Court Lorenzini is a true serial entrepreneur. With several successful exits under his belt, including building one company with a market cap of over $11B, he has certainly created an impressive portfolio of startups.
On the Dealmakers Show, Lorenzini talked about growing up in the bay area, how to validate your startup ideas, and how long you should stay with your startup. Plus, strategies for gaining early credibility and pushing growth, and the power of knowing your future revenues
Listen to the full podcast episode and review the transcript here.
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Being Born Into The Bay Area
Court Lorenzini had the amazing experience of being born in Silicon Valley.
His father may be one of the original founders of Silicon Valley. An angel investor and venture capitalist.
The group he was a partner of would get together at each other’s homes each month. They would host a dinner for the others, and then over drinks and dessert, would have an entrepreneur come in and pitch them.
That meant that as a child, twice a year, he would get to sit in and listen to the pitches, the following debate about the investment opportunity. By the time he was in high school, he had been a part of dozens of pitches and valuations by VCs.
His curiosity and ambition to advance his career took him to study engineering at Duke, then at Stanford and Berkeley.
After graduating, Lorenzini had the chance to move to Switzerland and work there. An experience that he still counts as one of the greatest of his life.
On returning from Europe, he joined Cisco. Still, a relatively young company that had recently gone public. During the time he was there managing software development, they saw sales grow from $200M to $4.5B, in just four years. Making them one of the fastest-growing companies in history.
It was a place where he felt he could learn about management, leadership, hiring, and going fast.
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Building Your Portfolio Of Startups
Court says that he had always aspired to starting his own company. It was when he ran back into a friend from college who had been working at Microsoft, and they began talking about what was next that they decided to team up and start something together.
He moved up to Seattle to get to work on it and still lives there in the Northwest today.
Court’s first startup was what he describes as one of the very first eCommerce companies. Launched right around the time Jeff Bezos began doing his thing with Amazon.
After selling this first company, he spent some time on the other side of the table at a venture capital fund. In addition to valuing companies, he also jumped in to save some of those needing help. He realized that he really loved being an operator.
His next company was Docusign. Which came about from acquiring the IP and name from another business. It clearly turned out to be a huge success. Not only going public but at one point reaching a market cap of the north of $60B.
Among the factors that made it so successful was being able to get cash from its customers upfront. So they had cash flow. Having a very low churn rate meant a high long-term customer value. Which made it possible to raise a lot of funding over many rounds, and still have predictable revenues.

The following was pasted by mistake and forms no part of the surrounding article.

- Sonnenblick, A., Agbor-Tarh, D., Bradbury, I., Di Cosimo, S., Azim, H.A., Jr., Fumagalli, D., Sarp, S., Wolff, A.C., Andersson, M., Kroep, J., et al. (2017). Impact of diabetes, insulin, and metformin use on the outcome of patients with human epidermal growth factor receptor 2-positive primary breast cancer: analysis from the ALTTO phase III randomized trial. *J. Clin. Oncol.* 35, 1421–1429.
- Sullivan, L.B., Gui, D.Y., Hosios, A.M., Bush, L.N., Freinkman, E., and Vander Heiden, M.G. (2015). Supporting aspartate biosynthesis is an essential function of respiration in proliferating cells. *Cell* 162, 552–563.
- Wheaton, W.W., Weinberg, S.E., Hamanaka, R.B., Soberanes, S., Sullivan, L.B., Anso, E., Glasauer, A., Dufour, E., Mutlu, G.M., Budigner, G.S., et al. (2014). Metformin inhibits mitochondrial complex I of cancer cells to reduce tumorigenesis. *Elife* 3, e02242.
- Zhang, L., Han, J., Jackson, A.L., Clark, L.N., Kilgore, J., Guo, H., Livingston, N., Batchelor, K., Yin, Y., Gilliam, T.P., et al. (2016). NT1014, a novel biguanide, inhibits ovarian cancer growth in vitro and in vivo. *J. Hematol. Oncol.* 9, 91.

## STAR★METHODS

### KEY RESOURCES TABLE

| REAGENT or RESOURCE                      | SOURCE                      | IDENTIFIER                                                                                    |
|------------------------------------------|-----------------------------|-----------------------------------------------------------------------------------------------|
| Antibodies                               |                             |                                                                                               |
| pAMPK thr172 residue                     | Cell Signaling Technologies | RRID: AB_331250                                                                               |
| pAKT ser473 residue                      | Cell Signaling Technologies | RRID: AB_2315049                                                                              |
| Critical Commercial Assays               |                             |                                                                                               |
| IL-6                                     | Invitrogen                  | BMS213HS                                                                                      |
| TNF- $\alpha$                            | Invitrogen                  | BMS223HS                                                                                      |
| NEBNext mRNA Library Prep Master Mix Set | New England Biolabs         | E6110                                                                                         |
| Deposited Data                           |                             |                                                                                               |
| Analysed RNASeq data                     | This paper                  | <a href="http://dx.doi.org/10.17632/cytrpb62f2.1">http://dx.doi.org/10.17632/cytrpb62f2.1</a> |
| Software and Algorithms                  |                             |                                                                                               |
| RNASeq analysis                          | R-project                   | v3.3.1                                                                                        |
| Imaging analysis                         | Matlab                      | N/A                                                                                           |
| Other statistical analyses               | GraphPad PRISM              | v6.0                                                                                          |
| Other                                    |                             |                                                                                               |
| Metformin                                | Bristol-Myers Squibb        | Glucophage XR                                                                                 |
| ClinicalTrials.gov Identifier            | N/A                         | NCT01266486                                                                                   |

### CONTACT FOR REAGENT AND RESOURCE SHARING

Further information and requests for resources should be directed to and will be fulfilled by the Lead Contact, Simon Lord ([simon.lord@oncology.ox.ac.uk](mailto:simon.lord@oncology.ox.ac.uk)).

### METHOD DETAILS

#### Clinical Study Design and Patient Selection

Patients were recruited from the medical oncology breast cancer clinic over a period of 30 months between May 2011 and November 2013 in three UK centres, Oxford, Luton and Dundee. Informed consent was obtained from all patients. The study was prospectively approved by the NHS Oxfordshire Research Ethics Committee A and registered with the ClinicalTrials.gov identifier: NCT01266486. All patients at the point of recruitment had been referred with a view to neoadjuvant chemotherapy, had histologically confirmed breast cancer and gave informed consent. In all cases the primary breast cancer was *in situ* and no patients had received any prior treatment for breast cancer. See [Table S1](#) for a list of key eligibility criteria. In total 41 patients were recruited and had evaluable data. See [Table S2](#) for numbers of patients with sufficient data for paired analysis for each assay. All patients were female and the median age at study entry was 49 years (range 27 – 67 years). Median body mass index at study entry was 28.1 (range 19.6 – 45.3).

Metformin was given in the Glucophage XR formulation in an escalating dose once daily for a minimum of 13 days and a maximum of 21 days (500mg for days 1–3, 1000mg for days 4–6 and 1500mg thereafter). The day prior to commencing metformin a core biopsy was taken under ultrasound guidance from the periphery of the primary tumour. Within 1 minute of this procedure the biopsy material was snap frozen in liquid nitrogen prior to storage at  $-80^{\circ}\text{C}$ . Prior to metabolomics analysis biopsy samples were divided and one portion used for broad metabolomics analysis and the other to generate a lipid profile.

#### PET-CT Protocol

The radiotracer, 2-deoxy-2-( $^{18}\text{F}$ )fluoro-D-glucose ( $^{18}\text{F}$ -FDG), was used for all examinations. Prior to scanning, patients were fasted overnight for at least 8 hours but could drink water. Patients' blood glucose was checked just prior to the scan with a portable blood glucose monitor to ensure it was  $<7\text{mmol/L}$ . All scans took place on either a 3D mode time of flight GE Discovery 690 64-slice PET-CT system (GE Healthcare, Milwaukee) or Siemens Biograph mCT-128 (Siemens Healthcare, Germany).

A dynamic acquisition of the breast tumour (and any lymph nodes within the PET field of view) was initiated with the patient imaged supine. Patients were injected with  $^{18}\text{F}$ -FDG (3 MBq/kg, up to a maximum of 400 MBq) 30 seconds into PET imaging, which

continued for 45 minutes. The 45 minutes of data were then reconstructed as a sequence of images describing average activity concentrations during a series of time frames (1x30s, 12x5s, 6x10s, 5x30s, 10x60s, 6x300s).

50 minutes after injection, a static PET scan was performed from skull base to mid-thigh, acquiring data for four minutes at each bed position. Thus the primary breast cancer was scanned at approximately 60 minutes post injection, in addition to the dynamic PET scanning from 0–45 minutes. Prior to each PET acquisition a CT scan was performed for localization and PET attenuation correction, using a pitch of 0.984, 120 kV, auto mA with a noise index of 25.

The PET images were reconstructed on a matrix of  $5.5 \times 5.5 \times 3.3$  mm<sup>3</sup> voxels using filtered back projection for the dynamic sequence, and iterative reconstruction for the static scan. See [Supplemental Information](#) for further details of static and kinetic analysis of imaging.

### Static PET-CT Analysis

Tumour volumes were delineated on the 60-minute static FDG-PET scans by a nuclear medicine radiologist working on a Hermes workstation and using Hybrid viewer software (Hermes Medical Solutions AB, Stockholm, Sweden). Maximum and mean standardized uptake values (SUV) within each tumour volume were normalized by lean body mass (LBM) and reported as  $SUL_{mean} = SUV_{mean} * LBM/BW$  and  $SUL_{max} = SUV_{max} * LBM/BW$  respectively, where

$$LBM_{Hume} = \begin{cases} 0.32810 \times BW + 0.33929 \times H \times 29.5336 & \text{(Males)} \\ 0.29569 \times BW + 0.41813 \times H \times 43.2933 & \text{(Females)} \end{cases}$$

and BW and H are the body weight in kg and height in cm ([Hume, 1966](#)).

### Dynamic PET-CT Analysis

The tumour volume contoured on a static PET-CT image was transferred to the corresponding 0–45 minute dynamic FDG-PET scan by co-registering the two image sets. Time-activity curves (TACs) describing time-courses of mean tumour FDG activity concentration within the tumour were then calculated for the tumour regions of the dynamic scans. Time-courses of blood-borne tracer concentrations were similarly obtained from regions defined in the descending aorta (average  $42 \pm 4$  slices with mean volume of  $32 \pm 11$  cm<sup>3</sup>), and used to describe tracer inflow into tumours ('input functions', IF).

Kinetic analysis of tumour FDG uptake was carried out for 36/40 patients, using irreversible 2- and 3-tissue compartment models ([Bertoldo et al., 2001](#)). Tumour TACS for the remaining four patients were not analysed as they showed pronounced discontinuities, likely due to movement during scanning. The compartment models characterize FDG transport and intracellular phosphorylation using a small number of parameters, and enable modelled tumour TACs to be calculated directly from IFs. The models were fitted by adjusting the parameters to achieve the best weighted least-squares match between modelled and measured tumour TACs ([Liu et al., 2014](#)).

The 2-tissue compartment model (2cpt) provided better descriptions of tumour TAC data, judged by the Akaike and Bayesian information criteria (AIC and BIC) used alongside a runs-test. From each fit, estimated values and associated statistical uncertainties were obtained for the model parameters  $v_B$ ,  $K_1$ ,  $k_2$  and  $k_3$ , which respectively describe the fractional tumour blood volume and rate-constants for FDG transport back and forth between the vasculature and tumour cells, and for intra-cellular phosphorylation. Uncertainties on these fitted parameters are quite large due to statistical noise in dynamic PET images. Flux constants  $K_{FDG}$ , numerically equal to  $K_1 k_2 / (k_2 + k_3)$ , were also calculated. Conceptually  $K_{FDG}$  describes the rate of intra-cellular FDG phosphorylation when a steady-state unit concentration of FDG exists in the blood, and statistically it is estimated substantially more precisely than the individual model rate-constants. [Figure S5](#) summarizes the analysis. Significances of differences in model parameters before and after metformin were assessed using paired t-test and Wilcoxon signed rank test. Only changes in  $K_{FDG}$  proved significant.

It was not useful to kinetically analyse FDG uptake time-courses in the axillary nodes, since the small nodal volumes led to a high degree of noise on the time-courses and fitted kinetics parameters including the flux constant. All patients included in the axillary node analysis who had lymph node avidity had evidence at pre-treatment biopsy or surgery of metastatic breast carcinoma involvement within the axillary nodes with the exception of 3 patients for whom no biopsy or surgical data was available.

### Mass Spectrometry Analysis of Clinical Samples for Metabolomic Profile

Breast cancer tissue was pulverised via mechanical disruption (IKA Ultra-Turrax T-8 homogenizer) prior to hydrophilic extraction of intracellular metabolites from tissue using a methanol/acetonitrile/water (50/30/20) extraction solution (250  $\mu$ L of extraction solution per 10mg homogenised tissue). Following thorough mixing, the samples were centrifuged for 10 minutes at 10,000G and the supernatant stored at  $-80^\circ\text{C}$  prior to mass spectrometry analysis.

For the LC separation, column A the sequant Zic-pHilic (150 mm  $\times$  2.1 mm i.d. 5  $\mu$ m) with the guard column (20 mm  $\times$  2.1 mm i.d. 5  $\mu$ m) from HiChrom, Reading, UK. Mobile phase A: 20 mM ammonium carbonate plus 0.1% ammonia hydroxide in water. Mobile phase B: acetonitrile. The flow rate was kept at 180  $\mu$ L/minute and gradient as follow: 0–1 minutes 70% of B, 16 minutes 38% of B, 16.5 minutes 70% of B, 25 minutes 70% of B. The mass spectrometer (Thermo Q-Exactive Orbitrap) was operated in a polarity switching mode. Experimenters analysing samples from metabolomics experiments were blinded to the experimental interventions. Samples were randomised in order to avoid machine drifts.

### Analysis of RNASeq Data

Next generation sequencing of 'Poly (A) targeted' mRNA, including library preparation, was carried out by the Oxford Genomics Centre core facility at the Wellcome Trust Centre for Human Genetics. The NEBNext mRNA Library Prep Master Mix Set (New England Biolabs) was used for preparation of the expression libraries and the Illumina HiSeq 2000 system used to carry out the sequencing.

Landing Microsoft As A Customer & Starting DocuSign
They also landed Microsoft as an early customer. Providing great credibility for pitching and selling to other customers. Among those was the National Association of Realtors. Which plugged in the technology as a white-labeled product to their over two million members. That provided ongoing growth.
Still, even having grown that company to such a huge valuation, which now has around 8,000 employees, Court says that he is really most proud of the corporate culture, which has led the company to be ranked as one of the best places to work.
His third company focused on licensing IP. Which he says turned out to be a good business. Though perhaps not as famous as Docusign.
The fourth startup was definitely more of a learning experience than a huge win. Even though the company was growing at 50% a month, their reliance on one huge customer ended up finishing them off. Within just three months of that customer finding a cheaper alternative, they were out of business.
Lorenzini told the Dealmakers audience that according to his calculations, the optimal amount of time for a founder to stay with a startup is five years.
In turn, this allows entrepreneurs to build perhaps five startups over their careers. A portfolio if you will. Like from an investment perspective, it greatly increases the odds of overall success, one of those being a big outcome.
He has applied this to his own ventures. Now embarking on his fifth venture.
Court Lorenzini loves working with entrepreneurs, and at the early stages of companies. Over the years of investing, he has found that the majority of failures all come back to the founding team.
So, his latest venture is focused on helping founders connect, more efficiently and with purpose, for more effective teams. No matter if this is right at the beginning, or a few years in when someone else needs to be added to the executive team.
Storytelling is everything which is something that Court Lorenzini was able to master. Being able to capture the essence of what you are doing in 15 to 20 slides is the key. For a winning deck, take a look at the pitch deck template created by Silicon Valley legend, Peter Thiel (see it here) where the most critical slides are highlighted.
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Listen in to the full podcast episode to find out more, including:
- How to qualify your business ideas before you start
- The benefits of greater visibility into your income streams
- More lessons Court has learned through starting and scaling five business